Let's past forward with Doordarshan in this lockdown
Even as Indian television revives a few old gems, here’s picking some more that would be a treat to watch again
Like most kids his age, eight-year-old Ronit would often listen to the tales of the Ramayana and the Mahabharata from his grandmother. Also, like most kids his age, he found them boring. But these days, he thinks otherwise. “I am watching the show with my grandmother now. And I keep asking her to tell me more about the characters.” Ronit is not the only one.
His friends too have taken to watching the mythological series, and of course, Shaktimaan, another children’s favourite from the 1990s. And discussions with friends over the phone nowadays involve Ram, Kansa, and Pandit Gangadhar Vidyadhar Mayadhar Omkarnath Shastri.
The public broadcaster, Doordarshan, shunned for over two decades, is suddenly much in news. And it’s just the kids who are sitting in front of the telly with rapt attention. Reviving serials such as Circus, Byomkesh Bakshi and Dekh Bhai Dekh has guaranteed that adults too have a shot at going back a few decades. Renuka Shahane, who worked with Shah Rukh Khan in Circus, says, “The show was gripping, realistic and not over the top.” The cult show was first aired in 1989. Directed by Aziz Mirza and Kundan Shah, it was about a circus troupe.
The recent ones to join the bandwagon is the 1993 soap, Dekh Bhai Dekh, which was directed by Anand Mahendroo and produced by Jaya Bachchan, besides the Partition drama Buniyaad and the comic-relief sitcom Shrimaan Shrimati. Rajit Kapur, who played Byomkesh Bakshi in Season one and two of Basu Chatterji’s series by the same name, says, “It’s a great thing that they have started showing it again. It’s a humbling experience when you have done the job and the impact of it is still there 30 years later. It is not something that you experience every day.”
As Star TV entered India in the 1990s, it made a dent in the viewer base of DD National. Within a few years, the national telecaster had lost out to the cable network. As if this wasn’t enough, OTT platforms arrived. Suddenly, everything was available on the go. But now that olden goldies are back, why not have some more on board?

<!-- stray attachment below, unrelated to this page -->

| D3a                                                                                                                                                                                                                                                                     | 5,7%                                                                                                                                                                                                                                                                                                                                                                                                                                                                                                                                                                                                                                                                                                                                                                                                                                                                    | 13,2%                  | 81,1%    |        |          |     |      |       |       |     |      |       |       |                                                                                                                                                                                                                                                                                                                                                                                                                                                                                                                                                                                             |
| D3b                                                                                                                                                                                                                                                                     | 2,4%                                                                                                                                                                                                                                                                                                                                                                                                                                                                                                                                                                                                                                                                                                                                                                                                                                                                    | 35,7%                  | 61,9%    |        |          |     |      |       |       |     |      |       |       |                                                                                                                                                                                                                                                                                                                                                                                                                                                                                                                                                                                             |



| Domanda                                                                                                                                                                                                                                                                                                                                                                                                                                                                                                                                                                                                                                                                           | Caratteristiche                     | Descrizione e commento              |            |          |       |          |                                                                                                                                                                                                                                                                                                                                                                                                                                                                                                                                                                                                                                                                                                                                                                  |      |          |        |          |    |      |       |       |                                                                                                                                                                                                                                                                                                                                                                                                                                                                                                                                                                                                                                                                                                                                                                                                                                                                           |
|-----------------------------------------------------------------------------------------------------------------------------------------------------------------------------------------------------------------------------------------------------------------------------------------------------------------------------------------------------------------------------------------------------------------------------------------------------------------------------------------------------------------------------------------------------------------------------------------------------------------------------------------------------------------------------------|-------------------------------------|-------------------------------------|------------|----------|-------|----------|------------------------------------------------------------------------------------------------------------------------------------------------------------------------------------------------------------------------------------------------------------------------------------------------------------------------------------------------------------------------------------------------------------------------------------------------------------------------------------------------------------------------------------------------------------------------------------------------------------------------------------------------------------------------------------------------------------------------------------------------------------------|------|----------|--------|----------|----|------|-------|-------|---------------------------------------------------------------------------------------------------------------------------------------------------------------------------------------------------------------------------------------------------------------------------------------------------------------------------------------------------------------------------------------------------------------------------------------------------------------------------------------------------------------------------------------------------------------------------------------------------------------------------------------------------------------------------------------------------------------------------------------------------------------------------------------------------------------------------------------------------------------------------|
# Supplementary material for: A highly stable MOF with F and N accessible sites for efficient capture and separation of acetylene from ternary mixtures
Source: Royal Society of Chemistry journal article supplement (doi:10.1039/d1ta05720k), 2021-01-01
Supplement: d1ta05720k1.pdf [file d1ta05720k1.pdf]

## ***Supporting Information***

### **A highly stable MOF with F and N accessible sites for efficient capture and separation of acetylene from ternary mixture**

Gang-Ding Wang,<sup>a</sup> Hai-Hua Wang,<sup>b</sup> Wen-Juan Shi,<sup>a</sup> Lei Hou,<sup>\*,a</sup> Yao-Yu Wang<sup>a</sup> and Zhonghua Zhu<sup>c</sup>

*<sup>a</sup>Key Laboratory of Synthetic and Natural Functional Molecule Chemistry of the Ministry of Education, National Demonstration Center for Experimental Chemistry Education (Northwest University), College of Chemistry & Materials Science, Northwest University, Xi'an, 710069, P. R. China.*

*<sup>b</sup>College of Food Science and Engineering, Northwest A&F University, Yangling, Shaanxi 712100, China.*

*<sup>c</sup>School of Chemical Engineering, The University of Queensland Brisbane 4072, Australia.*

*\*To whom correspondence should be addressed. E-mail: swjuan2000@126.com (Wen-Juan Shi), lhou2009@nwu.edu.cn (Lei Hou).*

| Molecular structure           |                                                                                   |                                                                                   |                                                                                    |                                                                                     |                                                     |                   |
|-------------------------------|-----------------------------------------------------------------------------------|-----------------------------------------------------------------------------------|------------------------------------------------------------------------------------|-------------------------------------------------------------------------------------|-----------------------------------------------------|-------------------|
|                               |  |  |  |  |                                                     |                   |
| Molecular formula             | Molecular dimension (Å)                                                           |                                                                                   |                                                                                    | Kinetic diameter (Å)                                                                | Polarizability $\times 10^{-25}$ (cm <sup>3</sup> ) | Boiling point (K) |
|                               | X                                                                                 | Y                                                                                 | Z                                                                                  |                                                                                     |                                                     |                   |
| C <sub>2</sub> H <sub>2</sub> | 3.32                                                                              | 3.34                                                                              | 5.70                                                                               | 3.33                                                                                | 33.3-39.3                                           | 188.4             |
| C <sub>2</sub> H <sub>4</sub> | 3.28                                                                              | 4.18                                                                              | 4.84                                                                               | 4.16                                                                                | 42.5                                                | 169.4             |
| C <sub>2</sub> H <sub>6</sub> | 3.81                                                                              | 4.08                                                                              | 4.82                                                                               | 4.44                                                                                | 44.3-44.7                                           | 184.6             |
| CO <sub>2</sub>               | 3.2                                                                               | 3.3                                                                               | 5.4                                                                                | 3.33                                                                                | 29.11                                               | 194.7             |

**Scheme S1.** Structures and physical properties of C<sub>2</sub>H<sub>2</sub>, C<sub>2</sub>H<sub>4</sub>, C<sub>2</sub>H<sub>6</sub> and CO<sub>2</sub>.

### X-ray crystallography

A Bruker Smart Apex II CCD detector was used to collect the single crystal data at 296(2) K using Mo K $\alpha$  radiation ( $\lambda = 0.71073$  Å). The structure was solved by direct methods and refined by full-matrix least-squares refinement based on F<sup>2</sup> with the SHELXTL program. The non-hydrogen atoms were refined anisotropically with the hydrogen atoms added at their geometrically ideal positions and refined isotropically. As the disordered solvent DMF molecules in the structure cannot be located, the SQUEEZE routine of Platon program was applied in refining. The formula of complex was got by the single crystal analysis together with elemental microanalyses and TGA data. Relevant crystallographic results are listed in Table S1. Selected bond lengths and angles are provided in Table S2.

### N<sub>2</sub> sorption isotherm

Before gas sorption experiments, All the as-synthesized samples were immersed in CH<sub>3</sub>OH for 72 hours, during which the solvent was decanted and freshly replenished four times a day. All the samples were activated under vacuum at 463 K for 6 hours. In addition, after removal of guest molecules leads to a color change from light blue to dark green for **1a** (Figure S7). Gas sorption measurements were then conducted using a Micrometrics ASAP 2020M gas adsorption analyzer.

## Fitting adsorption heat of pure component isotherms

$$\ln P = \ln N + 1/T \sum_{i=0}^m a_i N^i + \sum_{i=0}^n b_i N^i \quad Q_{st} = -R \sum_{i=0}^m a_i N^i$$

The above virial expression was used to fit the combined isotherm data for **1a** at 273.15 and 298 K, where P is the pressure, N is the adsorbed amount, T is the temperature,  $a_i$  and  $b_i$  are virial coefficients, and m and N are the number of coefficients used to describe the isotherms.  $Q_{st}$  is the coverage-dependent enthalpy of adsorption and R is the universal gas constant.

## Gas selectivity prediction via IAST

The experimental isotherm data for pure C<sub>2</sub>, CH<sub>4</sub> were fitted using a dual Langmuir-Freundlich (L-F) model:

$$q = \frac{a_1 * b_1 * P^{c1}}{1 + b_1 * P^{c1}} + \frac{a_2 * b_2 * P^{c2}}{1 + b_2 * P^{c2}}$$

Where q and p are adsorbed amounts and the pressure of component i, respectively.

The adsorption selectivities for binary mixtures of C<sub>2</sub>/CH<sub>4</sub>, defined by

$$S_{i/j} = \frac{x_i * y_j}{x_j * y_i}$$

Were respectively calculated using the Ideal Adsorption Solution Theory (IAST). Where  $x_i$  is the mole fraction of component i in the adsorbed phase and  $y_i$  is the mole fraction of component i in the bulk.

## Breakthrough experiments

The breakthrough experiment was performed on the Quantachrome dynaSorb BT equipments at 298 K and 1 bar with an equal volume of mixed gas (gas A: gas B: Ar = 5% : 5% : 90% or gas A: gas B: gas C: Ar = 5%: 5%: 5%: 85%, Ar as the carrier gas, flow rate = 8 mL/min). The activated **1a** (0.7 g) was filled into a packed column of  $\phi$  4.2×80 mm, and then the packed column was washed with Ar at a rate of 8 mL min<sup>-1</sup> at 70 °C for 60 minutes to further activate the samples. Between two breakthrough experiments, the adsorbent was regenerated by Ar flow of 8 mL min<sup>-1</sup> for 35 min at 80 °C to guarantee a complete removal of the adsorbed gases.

Bharat Ek Khoj
Based on Pt Jawaharlal Nehru’s The Discovery of India and directed by Shyam Benegal, it covers the 5,000-year history of India till its independence in 1947.
Adapted from a collection of short stories by writer RK Narayanan, it revolves around the antics of Swami and his friends in fictional town, Malgudi.
Touted as Indian television’s first-ever soap opera and drama series, it brought to the fore the struggles and aspirations of a typical Indian middle class family.
Written and produced by Gulzar, it featured Naseeruddin Shah as the Urdu poet in Emperor Bahadurshah Zafar’s court. The ghazals were sung by Chitra and Jagjit Singh.
Directed by Kundan Shah and Saeed Mirza, this social satire threw up issues faced by the lower income group and the labour class of the country.
Vikram aur Betaal
Another mythology that showcased King Vikramiditya and the way he stands up for everything that is honest and uses his wit to outsmart a ghost.
Famed for being
India’s longest-running cultural show, it was the first to open audience interaction through a weekly quiz. It also had the largest audience response.